The Confidence Interval around a Regression Coefficient
This is one time you don’t need any formulas because you shouldn’t attempt to calculate standard errors or confidence intervals (CIs) for regression coefficients yourself. Any good regression program can provide the SE for every parameter (coefficient) it fits to your data. The regression program may also provide the confidence limits for any confidence level you specify, but if it doesn’t, you can easily calculate the confidence limits using the formulas for large samples.
Suppose you’re interested in whether or not blood urea nitrogen (BUN), a measure of kidney performance, tends to increase after age 60 in healthy adults. You can enroll a bunch of generally healthy adults age 60 and above, record their ages, and measure their BUN. Then you can create a scatter plot of BUN versus age and fit a straight line to the data points.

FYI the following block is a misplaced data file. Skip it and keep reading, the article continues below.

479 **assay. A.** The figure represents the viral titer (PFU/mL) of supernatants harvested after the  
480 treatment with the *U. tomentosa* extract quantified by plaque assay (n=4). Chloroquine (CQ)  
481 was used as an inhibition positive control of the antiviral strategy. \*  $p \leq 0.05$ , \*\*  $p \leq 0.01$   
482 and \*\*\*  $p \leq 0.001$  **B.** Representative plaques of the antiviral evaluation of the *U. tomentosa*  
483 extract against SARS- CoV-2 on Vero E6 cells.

The slope of this line would have units of (mg/dL)/year and would tell you how much, on average, a healthy person’s BUN goes up with every additional year of age after age 60. Suppose the answer you get is that BUN increases 1.4 mg/dL per year. What is the 95 percent CI around that estimate of yearly increase?
The answer depends, in a complicated way, on the number of subjects in the analysis (60 in this example) and on the amount of correlation in the data (how close the points come to the fitted straight line). The actual formulas are far too complicated for you to try to evaluate by hand (or with a calculator).
Fortunately, all but the simplest regression programs display, for each regression parameter, the SE of that parameter. Some of them also display the 95% confidence limits for each parameter, but if they don’t, the limits can easily be calculated as 1.96 SE’s above and below the parameter values.